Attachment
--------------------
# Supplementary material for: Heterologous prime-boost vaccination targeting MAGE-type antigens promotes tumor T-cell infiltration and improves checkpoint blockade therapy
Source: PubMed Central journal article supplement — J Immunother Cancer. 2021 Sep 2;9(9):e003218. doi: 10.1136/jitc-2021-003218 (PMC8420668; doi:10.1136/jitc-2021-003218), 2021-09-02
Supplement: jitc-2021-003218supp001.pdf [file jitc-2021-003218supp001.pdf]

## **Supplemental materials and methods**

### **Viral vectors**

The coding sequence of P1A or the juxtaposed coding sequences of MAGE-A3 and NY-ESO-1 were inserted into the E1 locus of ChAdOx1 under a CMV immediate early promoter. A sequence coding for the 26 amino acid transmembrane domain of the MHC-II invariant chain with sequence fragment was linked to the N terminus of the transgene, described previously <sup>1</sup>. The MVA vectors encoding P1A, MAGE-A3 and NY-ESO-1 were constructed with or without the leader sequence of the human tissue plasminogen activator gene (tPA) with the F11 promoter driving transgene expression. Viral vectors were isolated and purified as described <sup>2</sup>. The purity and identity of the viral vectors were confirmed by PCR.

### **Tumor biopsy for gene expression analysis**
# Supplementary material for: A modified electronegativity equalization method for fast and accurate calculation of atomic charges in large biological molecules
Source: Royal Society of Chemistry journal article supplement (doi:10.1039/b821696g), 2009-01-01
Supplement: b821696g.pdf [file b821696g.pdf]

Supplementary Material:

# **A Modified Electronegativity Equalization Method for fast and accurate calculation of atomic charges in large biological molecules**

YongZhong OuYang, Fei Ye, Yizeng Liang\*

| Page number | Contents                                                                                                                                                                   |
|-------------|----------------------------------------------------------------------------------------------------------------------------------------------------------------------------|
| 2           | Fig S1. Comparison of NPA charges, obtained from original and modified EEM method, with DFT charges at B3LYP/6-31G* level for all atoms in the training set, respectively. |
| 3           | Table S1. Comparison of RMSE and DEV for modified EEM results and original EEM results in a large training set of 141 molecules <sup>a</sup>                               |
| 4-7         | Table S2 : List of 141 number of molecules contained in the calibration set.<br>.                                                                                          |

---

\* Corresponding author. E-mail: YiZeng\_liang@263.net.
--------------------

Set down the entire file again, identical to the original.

# Supplementary material for: Heterologous prime-boost vaccination targeting MAGE-type antigens promotes tumor T-cell infiltration and improves checkpoint blockade therapy
Source: PubMed Central journal article supplement — J Immunother Cancer. 2021 Sep 2;9(9):e003218. doi: 10.1136/jitc-2021-003218 (PMC8420668; doi:10.1136/jitc-2021-003218), 2021-09-02
Supplement: jitc-2021-003218supp001.pdf [file jitc-2021-003218supp001.pdf]

## **Supplemental materials and methods**

### **Viral vectors**

The coding sequence of P1A or the juxtaposed coding sequences of MAGE-A3 and NY-ESO-1 were inserted into the E1 locus of ChAdOx1 under a CMV immediate early promoter. A sequence coding for the 26 amino acid transmembrane domain of the MHC-II invariant chain with sequence fragment was linked to the N terminus of the transgene, described previously <sup>1</sup>. The MVA vectors encoding P1A, MAGE-A3 and NY-ESO-1 were constructed with or without the leader sequence of the human tissue plasminogen activator gene (tPA) with the F11 promoter driving transgene expression. Viral vectors were isolated and purified as described <sup>2</sup>. The purity and identity of the viral vectors were confirmed by PCR.

### **Tumor biopsy for gene expression analysis**
# Supplementary material for: A modified electronegativity equalization method for fast and accurate calculation of atomic charges in large biological molecules
Source: Royal Society of Chemistry journal article supplement (doi:10.1039/b821696g), 2009-01-01
Supplement: b821696g.pdf [file b821696g.pdf]

Supplementary Material:

# **A Modified Electronegativity Equalization Method for fast and accurate calculation of atomic charges in large biological molecules**

YongZhong OuYang, Fei Ye, Yizeng Liang\*

| Page number | Contents                                                                                                                                                                   |
|-------------|----------------------------------------------------------------------------------------------------------------------------------------------------------------------------|
| 2           | Fig S1. Comparison of NPA charges, obtained from original and modified EEM method, with DFT charges at B3LYP/6-31G* level for all atoms in the training set, respectively. |
| 3           | Table S1. Comparison of RMSE and DEV for modified EEM results and original EEM results in a large training set of 141 molecules <sup>a</sup>                               |
| 4-7         | Table S2 : List of 141 number of molecules contained in the calibration set.<br>.                                                                                          |

---

\* Corresponding author. E-mail: YiZeng\_liang@263.net.